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Canadian scholars explore ancient Nabataean site of Hawara

By Saeb Rawashdeh - Jun 22,2017 - Last updated at Jun 22,2017

The rock-cut tombs in the necropolis west of Hawara are the only visible Nabataean structures at the site other than the rain-fed cisterns and the aqueduct that supplied the former way station, garrison and trading post with water from the surrounding mountains, according to Canadian scholar John P. Oleson (Photo courtesy of John P. Oleson)

AMMAN — The ancient Nabataean site of Hawara has been the focus of the research of two Canadian scholars. 

The rock-cut tombs in the necropolis west of Hawara, modern Humayma, 280km south of Amman, are the only visible Nabataean structures at the site other than the rain-fed cisterns and the aqueduct that supplied the former way station, garrison and trading post with water from the surrounding mountains, according to John P. Oleson. 

Oleson, from the University of Victoria in Canada, directed the Humayma Excavation Project between 1991 and 2005, using the American Centre of Oriental Research in Amman as his base. 

Eleven more or less distinct clusters of tombs and four solitary tombs were mapped, drawn and catalogued — 94 individual tombs in all, he noted.

 “All the tombs had been looted in antiquity, but scraps of the grave goods point to construction in the Nabataean period,” Oleson continued, adding that all but one of these tombs were shaft graves intended for up to eight individuals. This simple design is common at Petra, Hegra and other Nabataean sites. 

There seems to have been one prominent chamber tomb at the site, the scholar explained, but the façade has been lost to erosion. 

“The elaborate tomb façades seen at Petra and Hegra were not copied at Hawara, probably for a variety of religious, social or economic reasons: perhaps the preference of elite families for habitation and/or burial at Petra, or the greater sacredness of that site,” Oleson said.  

 He  also noted that a military burial area some several hundred metres west of the Roman fort is indicated by inscriptions, incised crosses, the remains of pottery burned in funeral pyres, as well as magnetic gradiometry results. 

 “Finally, a large, vaulted late Nabataean tomb chamber, built of carefully cut blocks, 10km north of Hawara on the ancient King’s Highway, should also be connected with this town, but was outside our excavation permit area,” the expert concluded. 

 M. Barbara Reeves, a Canadian archaeologist from Queen’s University in Canada, took over as director of the Humayma Excavation Project in 2008.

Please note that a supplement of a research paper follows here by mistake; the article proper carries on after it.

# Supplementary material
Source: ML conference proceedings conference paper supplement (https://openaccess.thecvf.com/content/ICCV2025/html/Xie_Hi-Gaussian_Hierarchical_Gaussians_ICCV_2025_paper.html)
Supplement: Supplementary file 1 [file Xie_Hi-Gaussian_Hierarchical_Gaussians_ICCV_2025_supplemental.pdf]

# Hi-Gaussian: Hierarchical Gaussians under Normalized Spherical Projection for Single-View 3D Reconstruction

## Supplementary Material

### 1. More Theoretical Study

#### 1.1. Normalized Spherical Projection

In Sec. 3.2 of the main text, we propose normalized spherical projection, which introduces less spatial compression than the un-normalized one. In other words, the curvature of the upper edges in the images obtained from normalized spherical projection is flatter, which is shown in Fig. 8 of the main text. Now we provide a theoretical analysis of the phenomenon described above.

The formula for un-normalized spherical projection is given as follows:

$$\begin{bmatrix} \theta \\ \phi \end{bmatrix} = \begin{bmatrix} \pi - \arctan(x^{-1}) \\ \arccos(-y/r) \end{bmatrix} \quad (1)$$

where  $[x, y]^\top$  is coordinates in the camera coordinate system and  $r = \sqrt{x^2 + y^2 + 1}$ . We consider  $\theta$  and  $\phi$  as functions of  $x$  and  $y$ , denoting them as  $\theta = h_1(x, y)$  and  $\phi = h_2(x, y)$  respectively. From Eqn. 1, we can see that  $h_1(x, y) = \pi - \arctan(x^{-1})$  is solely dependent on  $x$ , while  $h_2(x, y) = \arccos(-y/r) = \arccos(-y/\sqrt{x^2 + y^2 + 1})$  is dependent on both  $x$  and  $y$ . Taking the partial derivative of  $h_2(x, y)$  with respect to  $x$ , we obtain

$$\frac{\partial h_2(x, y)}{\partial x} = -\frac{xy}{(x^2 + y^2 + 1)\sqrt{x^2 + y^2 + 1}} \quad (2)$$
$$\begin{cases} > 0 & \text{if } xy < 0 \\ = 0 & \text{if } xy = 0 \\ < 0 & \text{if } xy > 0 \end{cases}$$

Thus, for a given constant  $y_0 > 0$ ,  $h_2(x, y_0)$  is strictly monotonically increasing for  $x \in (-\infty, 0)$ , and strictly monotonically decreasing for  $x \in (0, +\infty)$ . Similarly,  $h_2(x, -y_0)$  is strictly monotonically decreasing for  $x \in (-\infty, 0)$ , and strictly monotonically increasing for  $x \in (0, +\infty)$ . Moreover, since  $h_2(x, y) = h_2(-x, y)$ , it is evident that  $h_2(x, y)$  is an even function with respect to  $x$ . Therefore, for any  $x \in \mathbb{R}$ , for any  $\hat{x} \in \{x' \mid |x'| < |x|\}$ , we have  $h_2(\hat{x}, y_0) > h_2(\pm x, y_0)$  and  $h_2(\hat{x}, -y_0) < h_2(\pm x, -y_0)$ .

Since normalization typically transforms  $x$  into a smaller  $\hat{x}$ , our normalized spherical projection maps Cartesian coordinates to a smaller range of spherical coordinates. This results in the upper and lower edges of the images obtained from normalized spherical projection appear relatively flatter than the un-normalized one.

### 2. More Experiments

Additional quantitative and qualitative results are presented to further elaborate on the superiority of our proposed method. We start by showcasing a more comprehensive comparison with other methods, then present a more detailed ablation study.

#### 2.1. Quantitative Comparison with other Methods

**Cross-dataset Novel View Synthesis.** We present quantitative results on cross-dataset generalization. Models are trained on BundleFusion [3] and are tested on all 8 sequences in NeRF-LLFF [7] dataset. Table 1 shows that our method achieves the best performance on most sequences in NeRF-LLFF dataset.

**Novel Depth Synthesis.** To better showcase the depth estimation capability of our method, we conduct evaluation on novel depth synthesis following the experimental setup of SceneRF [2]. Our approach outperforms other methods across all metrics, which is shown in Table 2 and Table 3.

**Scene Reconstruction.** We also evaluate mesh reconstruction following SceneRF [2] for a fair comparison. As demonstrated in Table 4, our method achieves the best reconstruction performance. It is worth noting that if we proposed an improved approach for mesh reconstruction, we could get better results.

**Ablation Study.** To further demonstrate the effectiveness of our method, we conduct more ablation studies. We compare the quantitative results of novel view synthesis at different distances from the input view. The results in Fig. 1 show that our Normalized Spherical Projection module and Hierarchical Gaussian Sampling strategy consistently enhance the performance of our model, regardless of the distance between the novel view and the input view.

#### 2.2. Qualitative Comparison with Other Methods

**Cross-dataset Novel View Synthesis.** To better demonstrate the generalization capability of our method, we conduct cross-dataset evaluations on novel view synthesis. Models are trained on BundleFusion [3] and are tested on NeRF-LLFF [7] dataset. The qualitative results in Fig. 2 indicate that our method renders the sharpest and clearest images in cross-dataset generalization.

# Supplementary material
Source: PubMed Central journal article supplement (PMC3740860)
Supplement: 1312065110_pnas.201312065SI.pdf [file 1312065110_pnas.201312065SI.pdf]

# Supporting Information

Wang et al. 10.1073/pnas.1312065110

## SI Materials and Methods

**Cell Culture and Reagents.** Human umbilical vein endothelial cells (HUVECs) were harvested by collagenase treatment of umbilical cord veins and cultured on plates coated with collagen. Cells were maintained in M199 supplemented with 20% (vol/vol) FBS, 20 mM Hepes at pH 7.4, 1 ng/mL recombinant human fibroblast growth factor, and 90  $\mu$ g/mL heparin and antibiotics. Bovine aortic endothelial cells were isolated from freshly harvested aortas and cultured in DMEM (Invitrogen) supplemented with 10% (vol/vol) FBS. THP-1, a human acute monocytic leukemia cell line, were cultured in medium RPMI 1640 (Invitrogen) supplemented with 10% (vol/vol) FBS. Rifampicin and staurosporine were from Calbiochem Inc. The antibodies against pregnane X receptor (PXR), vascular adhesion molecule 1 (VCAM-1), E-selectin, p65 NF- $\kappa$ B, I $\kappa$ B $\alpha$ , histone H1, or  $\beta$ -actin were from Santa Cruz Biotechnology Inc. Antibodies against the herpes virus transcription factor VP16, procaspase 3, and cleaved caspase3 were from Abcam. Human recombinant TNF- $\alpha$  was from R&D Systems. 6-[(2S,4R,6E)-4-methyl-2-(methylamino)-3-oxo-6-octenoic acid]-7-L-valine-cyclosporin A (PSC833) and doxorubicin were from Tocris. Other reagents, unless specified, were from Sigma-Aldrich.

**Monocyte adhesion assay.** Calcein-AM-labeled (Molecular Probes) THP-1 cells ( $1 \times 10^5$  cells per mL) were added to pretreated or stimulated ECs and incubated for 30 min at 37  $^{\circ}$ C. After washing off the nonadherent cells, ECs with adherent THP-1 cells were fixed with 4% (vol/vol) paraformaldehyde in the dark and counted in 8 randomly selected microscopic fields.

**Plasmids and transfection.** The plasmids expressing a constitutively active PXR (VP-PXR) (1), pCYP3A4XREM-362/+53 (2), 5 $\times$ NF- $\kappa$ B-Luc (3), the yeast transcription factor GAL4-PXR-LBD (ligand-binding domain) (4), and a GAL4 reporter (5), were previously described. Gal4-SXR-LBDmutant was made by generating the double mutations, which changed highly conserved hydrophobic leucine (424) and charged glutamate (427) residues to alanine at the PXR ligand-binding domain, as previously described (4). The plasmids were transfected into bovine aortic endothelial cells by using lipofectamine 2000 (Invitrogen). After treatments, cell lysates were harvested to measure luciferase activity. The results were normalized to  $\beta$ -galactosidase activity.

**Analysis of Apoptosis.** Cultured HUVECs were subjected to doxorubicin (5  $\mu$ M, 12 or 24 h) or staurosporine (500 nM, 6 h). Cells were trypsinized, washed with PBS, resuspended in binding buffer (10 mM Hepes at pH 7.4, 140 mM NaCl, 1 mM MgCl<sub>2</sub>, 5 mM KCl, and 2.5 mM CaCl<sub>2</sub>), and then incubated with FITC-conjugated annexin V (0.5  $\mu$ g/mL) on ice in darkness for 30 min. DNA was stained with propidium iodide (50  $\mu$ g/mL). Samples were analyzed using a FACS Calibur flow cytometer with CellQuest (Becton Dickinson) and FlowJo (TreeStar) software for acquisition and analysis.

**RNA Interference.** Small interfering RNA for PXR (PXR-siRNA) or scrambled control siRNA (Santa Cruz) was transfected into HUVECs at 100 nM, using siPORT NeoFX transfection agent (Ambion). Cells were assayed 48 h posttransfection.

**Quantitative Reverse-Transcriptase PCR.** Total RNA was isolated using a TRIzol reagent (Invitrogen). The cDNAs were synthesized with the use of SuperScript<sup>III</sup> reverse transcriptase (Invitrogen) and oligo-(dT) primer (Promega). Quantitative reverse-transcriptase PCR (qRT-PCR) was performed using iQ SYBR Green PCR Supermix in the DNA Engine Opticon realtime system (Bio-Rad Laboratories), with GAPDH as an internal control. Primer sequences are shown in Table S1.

In 2012 she began studying Humayma’s petroglyphs. 

“Petroglyphs are images carved or abraded into rock surfaces, and they are common throughout the desert areas of Jordan, including Humayma. The subjects depicted, their location, frequency and chronology can provide interesting insights into the lives and religious beliefs of the ancient inhabitants of a region,” Reeves emphasised.  

According to Reeves, some petroglyphs on the ridges and hills west of Humayma’s ancient town had been mentioned over the years by scholars focused on other research projects, but no concerted documentation of them had been attempted before 2014. 

The incentive for that study was the discovery of a detailed petroglyph that Reeves subsequently interpreted as showing a Roman officer carrying out a religious ceremony at a location on one of Humayma’s sandstone ridges. 

 “I returned in 2014 to survey the ridge associated with the petroglyph, along with some sites on the adjacent landmasses,” Reeves said. 

“During that survey, more than 150 petroglyphs, 20 inscriptions [Greek, Nabataean and Thamudic], 2 betyl niches and numerous recent Arabic inscriptions were documented in association with 15 human activity areas. 

 

“The petroglyphs were carved into vertical and horizontal faces and on both natural and human-modified surfaces, showing wild and domesticated animals, hunting scenes, armed humans standing and riding, human worshippers, human footprints, gods, and symbols,” she said.  

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